Onsite, remote, distributed, oh my! If all these new types of teams have you tongue-tied, today we’re going to look at what defines remote vs. distributed teams. When building your teams to their full potential, understanding the difference between these two models is key. Get in the know by finding out their major similarities and differences, as well as the challenges and benefits of both models.
Defining Remote Teams
Remote teams aren’t necessarily distributed teams. Mind blown? Let’s take a look at why.
Remote teams are highly dynamic. Because they don’t have a physical office, remote employees work from wherever they are, usually a home office or a co-working space. Oftentimes, remote companies go global to get the best talent possible, which means their team is spread out across the world. By using a global pool of candidates, location becomes a non-issue, though sometimes companies will choose to hire within overlapping time zones of their major clients.
This new trend of remote teams has become popular with companies such as Buffer, Zapier, HelpScout and InVision. These 100% remote companies exclusively use remote teams to meet their needs. Specifically, Buffer is known for their remote model with teams on every continent and almost every time zone. Generally speaking, remote companies are considered to be on the forefront of innovating and improving the way we work.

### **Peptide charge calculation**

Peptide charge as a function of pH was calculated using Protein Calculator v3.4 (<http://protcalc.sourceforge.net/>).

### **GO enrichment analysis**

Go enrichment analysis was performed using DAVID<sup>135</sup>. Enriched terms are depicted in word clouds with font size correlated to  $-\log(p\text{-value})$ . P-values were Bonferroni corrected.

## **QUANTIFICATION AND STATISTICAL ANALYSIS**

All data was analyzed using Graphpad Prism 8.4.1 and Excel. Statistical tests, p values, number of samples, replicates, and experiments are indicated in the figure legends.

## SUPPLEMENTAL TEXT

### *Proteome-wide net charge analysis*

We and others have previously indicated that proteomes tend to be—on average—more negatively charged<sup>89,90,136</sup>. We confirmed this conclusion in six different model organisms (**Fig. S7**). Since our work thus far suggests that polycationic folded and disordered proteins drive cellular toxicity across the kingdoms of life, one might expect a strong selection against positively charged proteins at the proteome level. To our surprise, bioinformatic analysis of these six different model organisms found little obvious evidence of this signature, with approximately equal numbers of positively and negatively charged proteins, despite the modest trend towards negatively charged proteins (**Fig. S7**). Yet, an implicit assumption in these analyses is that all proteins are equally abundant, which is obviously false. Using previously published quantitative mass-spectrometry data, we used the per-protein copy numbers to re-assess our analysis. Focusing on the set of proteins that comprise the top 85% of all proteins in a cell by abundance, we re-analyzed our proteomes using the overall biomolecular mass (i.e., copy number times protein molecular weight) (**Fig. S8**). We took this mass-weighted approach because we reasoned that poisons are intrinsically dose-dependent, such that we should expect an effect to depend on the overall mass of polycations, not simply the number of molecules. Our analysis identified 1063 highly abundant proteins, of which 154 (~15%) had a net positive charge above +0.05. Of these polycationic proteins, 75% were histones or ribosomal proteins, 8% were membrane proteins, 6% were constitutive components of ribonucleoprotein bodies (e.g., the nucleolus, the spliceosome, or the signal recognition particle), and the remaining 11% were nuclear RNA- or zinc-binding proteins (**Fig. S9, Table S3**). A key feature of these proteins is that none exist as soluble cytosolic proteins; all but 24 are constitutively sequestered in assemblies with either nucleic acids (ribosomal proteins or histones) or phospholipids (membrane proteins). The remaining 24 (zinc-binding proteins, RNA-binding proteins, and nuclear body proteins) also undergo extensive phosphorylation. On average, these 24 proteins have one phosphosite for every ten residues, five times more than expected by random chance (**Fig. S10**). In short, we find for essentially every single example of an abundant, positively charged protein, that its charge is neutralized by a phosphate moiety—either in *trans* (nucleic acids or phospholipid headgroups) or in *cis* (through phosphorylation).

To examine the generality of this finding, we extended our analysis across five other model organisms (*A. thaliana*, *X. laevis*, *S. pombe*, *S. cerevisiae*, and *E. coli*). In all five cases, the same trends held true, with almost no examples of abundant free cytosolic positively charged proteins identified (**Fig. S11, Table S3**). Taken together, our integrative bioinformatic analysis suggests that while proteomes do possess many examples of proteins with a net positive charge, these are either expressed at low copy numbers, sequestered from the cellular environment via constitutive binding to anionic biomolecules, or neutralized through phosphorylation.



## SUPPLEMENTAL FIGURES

Because there’s no physical office, remote teams feel like they’re on “equal footing” when it comes to communication and culture. Everybody works remotely, so there’s a strong sense of how to communicate effectively, so that being in different hemispheres has no effect on getting great work done.
In summary, a remote team has:
- No physical onsite office.
- Team members work from any location across the globe, usually from home offices.
Defining Distributed Teams
On the other hand, distributed teams involve a hybrid approach of both onsite and remote workers. This blended model uses an onsite team at a physical office somewhere in the world, as well as remote workers in their home offices. The percentage of each type of worker will depend on the company’s needs.
Many successful companies use this distributed model. They keep their headquarters in a specific office, but then hire out remotely to cover any needs. Often this happens for dynamic needs in the tech industry, during a startup transition or due to a change in the employee’s geographic location. More specifically, this model is used in these cases:
- Especially in the tech industry, many companies have dynamic needs. In order to enhance their offerings or inject new talent into their initiatives, a company may decide to hire remotely and stay nimble. Sometimes this is called staff augmentation, which is when companies hand-pick remote employees to fill skills gaps and support their core onsite team.
- Startups often use distributed teams as they move from a physical office to a 100% remote way of work. The distributed model lets them downsize their overhead costs at a physical office, while leveraging remote talent around the world at the same time. This win-win is great for startups with ever-changing requirements.